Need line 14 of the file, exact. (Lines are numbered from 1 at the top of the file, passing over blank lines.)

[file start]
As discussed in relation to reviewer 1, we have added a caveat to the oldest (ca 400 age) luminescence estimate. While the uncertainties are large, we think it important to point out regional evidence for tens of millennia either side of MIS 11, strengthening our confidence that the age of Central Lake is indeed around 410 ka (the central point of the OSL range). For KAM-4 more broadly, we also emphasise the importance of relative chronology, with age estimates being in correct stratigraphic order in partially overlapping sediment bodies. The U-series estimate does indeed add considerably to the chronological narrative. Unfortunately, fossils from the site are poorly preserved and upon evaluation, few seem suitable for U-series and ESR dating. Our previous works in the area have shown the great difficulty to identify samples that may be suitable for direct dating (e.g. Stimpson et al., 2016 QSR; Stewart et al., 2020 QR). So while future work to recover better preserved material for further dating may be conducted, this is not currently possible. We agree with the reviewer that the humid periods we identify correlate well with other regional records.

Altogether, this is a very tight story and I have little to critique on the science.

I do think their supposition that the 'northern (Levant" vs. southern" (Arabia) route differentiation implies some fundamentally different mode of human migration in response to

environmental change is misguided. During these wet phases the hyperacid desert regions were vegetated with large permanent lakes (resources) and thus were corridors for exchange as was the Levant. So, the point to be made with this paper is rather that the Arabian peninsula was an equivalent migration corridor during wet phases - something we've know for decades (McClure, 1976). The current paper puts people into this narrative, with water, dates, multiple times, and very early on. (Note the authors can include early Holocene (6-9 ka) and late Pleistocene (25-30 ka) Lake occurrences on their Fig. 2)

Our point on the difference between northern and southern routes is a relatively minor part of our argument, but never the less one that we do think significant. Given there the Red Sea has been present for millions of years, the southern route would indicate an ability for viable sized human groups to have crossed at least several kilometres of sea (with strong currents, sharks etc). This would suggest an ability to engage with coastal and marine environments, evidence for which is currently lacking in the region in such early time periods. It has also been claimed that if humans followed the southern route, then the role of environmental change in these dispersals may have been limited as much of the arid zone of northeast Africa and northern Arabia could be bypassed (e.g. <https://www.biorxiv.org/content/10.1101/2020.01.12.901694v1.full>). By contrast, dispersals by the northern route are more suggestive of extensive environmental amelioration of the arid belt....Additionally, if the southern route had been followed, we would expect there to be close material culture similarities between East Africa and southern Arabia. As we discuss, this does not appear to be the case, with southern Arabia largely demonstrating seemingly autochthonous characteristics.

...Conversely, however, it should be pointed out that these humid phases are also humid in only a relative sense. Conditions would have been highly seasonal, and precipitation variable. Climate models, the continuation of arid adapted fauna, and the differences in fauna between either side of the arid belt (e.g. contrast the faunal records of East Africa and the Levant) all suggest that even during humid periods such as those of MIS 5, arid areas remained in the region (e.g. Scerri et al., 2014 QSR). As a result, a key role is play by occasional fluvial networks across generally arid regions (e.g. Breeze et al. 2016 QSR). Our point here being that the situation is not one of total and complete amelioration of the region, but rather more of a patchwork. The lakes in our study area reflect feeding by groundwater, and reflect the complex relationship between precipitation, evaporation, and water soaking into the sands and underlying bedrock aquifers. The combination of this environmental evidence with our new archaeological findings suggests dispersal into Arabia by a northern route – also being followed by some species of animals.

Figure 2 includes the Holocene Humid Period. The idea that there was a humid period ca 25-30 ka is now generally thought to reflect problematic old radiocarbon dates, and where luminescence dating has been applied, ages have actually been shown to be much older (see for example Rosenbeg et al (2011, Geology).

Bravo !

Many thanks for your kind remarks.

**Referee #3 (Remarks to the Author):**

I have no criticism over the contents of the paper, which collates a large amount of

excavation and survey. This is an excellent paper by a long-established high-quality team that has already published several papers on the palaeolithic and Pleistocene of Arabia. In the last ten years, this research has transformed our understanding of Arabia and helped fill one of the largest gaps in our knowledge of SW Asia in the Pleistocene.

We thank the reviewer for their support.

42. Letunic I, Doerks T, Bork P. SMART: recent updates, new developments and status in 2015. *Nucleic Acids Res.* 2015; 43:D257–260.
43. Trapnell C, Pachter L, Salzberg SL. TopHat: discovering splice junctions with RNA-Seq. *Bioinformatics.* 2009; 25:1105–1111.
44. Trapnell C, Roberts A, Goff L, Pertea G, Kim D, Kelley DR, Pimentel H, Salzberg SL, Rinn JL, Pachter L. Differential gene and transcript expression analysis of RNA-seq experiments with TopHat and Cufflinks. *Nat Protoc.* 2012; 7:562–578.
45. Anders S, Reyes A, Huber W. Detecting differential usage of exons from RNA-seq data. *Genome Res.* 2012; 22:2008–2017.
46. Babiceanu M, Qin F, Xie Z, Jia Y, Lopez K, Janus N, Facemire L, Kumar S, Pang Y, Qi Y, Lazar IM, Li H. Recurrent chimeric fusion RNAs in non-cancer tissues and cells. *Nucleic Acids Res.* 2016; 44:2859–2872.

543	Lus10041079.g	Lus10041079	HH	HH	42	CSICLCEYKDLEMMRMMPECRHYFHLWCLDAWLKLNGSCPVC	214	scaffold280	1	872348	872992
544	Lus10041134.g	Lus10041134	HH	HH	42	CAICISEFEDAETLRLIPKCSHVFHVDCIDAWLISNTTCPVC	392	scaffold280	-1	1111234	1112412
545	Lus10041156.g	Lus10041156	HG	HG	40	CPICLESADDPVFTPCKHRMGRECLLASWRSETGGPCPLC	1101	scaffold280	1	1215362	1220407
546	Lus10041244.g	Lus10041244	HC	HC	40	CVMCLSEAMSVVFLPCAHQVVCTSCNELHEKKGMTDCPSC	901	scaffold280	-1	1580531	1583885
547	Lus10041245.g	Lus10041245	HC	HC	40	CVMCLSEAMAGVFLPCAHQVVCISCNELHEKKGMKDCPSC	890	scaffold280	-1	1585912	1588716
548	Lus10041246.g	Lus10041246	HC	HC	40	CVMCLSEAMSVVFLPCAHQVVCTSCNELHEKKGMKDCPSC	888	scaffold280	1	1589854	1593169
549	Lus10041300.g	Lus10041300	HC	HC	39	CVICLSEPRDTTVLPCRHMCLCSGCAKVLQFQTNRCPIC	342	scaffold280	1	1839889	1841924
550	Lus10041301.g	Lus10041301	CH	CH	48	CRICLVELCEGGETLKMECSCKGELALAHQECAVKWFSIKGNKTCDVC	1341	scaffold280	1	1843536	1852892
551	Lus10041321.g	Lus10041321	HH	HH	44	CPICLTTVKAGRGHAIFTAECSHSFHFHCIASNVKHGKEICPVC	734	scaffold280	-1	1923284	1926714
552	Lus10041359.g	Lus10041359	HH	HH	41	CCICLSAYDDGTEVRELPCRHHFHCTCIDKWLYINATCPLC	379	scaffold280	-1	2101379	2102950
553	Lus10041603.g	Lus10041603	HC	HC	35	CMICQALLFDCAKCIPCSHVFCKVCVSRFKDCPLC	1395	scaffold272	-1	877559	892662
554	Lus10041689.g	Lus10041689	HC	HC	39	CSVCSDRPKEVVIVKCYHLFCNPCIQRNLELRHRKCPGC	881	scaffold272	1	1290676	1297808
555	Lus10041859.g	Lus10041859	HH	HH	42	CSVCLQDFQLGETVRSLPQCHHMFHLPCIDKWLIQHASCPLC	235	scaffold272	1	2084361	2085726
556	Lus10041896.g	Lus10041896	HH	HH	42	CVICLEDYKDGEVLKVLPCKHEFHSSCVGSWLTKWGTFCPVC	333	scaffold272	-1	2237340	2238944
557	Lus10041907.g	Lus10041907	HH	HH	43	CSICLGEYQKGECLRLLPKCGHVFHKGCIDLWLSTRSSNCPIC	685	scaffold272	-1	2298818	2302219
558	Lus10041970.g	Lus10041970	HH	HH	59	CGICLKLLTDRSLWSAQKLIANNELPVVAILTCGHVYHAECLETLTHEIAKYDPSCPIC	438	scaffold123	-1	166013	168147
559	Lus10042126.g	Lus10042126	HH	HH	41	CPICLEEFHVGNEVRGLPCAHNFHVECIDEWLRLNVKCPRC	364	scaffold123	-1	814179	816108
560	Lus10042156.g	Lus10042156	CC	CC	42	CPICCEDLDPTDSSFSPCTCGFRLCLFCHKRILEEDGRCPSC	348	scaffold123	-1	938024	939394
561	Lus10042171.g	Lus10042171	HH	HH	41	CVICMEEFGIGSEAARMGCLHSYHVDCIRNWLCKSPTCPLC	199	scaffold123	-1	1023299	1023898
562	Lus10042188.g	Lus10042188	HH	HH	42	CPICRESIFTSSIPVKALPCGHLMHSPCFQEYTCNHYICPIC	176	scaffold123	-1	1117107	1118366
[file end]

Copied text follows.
42. Letunic I, Doerks T, Bork P. SMART: recent updates, new developments and status in 2015. *Nucleic Acids Res.* 2015; 43:D257–260.